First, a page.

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Ever play the game telephone? An initial player relays a piece of information or a phrase to someone. That individual then relays what they heard to another, and this continues on for a few people until the message circles back to the initial speaker. Often, by then, the message is nothing like the original message.
Information around skydiving can be a lot like that–a long line of hearsay. For legitimate answers to your skydiving questions, it is best to go straight to the source. From fun-to-know to purely informational, with over 20 years in business, we’ve got the facts about skydiving.
Skydiving is not a risk-free activity. However, the risks that are incurred are mitigated greatly through proper training, state-of-the-art equipment, and maintenance. Statistically speaking, the chances of dying from solo skydiving are around 0.00045%. If you are completing a tandem skydive, the risk is 0.0002%.
Skydiving is fun for a myriad of reasons. Some are drawn to the adrenaline rush. Others are captivated by the challenge. Regardless of the motivation, skydiving pushes people to accomplish things they never thought possible. Just check out some of these amazing pursuits and skydiving fun facts.
The invention of skydiving had many contributors. In 1485, Leonardo da Vinci sketched the first design for a pyramidal cloth parachute. Later in 1797, the first successful parachute jump was made from a hydrogen balloon by André-Jacques Garnerin. As far as the first true skydive is concerned, there are two people credited with “inventing” skydiving and making the first jump from a powered aircraft: Captain Albert Berry and Grant Morton.
There are different portions of time typically allotted to the different elements of the skydive. The freefall portion of a skydive will last roughly 60 seconds. The parachute ride to the ground will take 5-7 minutes.
There is a common misconception that you will experience the stomach drop feeling when you skydive. Luckily, this is not the case. Because you are traveling approximately 90kts (103.57 mph) in the aircraft prior to the jump. Your body will not register the change in your velocity after exit as it would if you had accelerated from a standstill. Here is a bit more on what skydiving feels like.
Because there are stringent requirements on the weight load that a parachute system can bear, you may be asked discretely to step on a scale before your skydive.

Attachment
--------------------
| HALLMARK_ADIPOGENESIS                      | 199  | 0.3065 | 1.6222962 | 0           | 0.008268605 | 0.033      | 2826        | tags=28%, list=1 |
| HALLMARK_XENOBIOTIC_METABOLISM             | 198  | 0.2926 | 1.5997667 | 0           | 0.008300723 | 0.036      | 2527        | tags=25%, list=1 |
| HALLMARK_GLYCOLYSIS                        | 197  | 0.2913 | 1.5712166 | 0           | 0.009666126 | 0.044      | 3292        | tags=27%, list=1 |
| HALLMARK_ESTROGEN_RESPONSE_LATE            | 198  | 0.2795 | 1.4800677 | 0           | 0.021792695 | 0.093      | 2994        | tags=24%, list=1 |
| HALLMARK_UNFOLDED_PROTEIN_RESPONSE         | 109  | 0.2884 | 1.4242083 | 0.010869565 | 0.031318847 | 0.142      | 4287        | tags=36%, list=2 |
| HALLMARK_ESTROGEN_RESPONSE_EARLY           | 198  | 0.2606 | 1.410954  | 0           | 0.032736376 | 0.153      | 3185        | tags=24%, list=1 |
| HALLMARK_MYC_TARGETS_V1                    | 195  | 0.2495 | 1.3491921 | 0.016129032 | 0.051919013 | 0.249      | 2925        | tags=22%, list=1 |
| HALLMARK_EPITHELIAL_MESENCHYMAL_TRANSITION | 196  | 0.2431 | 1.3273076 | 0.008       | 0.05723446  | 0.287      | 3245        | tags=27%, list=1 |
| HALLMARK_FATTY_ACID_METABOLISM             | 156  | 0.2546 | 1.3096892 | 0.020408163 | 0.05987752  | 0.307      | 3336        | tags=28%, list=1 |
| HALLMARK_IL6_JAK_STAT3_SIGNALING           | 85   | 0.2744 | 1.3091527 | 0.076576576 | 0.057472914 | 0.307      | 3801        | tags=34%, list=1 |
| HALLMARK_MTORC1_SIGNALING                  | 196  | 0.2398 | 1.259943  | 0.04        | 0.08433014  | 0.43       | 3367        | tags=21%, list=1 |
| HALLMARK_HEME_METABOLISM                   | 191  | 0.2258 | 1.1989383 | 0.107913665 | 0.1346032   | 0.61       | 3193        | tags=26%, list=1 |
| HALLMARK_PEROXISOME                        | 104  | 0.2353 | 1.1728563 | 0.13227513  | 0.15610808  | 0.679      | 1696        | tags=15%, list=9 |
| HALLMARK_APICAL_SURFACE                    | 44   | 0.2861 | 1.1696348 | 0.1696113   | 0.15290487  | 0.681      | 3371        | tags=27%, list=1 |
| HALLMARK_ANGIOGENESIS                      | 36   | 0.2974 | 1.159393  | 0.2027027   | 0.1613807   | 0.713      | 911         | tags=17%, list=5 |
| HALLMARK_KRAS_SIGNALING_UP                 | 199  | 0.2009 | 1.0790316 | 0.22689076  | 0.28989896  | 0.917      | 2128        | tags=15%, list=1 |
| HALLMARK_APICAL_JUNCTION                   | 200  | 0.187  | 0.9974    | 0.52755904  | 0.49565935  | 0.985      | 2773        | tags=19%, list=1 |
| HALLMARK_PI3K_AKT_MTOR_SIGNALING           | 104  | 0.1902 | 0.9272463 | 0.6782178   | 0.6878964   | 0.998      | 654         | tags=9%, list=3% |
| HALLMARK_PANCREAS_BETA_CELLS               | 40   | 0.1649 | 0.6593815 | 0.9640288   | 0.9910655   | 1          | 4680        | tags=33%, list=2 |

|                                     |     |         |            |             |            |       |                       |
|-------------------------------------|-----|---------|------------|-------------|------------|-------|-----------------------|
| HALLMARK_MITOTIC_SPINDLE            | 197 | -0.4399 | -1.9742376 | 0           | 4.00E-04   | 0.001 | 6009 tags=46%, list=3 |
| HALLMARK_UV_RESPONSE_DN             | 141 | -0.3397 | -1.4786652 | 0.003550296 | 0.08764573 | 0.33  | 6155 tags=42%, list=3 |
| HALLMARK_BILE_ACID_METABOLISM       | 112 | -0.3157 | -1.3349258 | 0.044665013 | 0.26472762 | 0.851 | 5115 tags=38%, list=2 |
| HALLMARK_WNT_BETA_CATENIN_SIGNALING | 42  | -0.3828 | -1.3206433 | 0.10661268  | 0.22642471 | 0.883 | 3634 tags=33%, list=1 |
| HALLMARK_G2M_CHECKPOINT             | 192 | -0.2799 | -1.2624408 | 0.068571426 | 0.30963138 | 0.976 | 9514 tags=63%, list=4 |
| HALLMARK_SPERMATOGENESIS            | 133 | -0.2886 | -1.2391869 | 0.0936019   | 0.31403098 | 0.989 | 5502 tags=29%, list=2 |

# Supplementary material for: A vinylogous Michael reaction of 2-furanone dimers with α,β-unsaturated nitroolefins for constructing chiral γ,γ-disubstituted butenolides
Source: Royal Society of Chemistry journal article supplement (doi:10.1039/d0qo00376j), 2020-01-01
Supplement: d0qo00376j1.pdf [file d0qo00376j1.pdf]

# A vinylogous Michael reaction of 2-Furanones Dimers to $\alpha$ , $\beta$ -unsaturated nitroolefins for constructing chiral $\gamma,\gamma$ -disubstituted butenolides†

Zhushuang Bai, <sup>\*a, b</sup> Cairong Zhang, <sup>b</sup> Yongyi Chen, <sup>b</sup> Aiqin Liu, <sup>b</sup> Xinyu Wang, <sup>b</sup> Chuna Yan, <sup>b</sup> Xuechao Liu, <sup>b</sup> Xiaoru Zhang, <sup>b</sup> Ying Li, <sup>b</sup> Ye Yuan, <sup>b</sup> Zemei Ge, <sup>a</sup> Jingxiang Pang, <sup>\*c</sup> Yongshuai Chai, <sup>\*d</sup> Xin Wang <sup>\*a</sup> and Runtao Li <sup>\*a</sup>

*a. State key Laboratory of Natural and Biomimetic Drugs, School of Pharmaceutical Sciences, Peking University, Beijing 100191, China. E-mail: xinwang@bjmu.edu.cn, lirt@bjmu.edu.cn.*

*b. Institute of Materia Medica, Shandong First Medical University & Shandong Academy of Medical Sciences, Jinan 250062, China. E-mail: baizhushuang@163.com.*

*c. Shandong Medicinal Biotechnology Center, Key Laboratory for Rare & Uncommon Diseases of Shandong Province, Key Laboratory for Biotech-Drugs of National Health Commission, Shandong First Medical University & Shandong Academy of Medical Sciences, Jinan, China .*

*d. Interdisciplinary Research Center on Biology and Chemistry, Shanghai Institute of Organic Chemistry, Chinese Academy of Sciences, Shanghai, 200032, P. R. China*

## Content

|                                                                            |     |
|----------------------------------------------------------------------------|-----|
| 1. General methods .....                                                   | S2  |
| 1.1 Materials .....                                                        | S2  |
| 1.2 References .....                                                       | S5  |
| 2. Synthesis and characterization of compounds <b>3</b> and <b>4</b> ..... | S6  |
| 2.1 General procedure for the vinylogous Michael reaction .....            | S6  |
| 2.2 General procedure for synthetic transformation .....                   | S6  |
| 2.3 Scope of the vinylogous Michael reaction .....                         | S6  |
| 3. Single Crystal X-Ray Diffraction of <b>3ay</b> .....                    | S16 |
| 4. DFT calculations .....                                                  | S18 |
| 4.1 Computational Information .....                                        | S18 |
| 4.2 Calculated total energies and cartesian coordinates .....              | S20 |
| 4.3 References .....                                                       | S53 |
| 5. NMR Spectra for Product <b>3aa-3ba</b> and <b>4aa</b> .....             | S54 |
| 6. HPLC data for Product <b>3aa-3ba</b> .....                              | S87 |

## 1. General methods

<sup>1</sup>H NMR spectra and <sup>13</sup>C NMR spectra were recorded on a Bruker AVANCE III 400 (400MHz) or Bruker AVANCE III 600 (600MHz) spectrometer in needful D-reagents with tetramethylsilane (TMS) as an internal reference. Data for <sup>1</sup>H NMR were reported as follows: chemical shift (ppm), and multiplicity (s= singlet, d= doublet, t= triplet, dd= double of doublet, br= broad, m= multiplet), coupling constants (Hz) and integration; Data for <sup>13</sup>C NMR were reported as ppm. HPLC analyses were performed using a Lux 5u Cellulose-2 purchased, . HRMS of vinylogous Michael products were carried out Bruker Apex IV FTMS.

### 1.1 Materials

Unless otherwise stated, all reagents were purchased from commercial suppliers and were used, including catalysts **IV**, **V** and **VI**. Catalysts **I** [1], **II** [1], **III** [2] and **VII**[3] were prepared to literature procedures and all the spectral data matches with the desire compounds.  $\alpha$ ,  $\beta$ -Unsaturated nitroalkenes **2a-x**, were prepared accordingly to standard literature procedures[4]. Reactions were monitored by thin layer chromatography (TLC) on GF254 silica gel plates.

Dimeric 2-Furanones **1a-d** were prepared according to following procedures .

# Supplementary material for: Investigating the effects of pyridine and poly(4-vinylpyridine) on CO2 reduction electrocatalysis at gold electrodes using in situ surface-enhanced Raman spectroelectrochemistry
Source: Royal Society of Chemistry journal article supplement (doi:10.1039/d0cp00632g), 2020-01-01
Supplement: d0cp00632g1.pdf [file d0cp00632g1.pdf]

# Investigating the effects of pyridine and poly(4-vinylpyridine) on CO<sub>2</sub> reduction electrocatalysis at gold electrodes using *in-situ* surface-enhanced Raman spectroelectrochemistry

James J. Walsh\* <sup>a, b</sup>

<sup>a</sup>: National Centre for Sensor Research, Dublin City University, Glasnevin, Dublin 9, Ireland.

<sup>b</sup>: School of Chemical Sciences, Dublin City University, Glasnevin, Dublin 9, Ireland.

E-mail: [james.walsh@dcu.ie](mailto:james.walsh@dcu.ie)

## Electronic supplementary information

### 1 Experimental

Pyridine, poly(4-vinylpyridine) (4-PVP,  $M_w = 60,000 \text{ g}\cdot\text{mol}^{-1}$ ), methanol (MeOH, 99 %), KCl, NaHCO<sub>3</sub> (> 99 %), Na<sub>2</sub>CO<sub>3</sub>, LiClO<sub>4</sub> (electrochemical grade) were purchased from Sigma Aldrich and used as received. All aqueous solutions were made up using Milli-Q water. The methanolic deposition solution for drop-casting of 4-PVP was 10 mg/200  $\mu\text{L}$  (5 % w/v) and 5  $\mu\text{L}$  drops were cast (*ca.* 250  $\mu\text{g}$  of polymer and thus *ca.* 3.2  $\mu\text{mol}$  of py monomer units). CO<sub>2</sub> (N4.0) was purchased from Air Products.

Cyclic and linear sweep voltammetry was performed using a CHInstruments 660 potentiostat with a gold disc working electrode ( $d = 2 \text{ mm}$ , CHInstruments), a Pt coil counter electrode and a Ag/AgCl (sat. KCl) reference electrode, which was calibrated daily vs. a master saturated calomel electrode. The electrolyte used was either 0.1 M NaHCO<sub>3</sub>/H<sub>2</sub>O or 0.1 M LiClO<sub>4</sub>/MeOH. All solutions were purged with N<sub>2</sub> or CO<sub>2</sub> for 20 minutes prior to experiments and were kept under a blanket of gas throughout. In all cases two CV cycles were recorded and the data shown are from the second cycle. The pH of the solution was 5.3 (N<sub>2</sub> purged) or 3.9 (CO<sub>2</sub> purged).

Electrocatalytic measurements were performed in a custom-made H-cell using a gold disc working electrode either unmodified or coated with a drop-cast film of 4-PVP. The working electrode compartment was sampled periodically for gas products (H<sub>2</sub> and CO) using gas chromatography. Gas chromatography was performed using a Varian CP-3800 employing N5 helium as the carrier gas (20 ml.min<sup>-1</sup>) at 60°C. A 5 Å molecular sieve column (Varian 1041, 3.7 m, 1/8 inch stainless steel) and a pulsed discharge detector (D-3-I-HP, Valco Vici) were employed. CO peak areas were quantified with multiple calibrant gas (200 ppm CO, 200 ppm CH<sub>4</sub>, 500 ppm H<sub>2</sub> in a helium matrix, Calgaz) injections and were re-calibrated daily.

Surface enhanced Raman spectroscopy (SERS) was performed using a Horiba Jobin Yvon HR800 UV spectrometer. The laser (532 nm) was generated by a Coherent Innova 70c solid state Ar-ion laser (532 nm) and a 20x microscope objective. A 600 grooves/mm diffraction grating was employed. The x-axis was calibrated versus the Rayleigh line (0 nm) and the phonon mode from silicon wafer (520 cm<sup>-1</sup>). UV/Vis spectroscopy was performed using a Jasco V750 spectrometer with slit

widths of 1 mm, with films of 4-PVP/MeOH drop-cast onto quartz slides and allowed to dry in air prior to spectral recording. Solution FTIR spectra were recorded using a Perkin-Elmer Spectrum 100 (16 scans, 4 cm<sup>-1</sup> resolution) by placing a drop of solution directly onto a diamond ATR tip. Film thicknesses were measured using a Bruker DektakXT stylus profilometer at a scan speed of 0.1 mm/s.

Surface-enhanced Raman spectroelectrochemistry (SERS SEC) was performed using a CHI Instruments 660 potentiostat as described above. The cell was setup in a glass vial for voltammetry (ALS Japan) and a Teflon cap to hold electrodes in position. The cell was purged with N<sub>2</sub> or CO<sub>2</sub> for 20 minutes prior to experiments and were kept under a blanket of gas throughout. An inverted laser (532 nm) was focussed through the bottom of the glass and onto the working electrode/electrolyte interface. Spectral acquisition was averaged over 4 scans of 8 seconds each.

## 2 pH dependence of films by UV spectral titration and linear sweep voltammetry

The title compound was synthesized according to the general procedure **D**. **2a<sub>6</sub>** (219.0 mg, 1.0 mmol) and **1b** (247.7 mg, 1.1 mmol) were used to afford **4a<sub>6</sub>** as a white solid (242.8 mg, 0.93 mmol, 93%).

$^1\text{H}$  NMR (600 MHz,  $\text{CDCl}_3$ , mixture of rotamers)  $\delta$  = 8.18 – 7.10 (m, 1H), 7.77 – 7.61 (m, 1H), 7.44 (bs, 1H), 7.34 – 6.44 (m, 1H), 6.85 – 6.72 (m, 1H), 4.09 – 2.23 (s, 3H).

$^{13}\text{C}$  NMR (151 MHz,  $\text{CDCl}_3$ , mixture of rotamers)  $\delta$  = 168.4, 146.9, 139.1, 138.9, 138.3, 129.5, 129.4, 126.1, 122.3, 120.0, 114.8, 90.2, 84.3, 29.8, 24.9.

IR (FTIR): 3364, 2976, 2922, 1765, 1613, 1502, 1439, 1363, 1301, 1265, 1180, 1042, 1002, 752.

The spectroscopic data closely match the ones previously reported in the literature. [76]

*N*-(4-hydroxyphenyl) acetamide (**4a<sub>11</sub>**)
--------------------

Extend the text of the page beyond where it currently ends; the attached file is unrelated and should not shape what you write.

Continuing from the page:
Skydiving prices will vary from facility to facility. When considering the cost of a skydive, it is important to bear in mind that it is not the best idea to shop for a skydive based on price. The quality of the experience can often be correlated to the price. At Wisconsin Skydiving Center, our prices reflect the investment we have made into our equipment and the quality of our instructors, as well as the caliber of experience our customers can expect to receive. There’s more to skydiving than just jumping from a plane!
During the freefall portion of a typical tandem skydive, terminal velocity is reached at around 120 mph. This speed will differ with different methods of body flight.
Somewhere along the way, the notion that you should not eat before skydiving took a pervasive hold. This is simply not true. While you should not eat anything excessively heavy or greasy, it is a good idea to have a light meal before you join us for your jump and to bring a few snacks along with you in case you get hungry while you wait. Eating regularly will help to keep your blood sugar levels consistent throughout the experience and help prevent you from feeling nauseous during and after the jump.
Tandem skydiving means that the student is attached to the instructor on the jump. Like a tandem bicycle, on a tandem skydive, two individuals, an instructor and a student, share a parachute system. By far, tandem skydiving is one of the most accessible forms of skydiving today!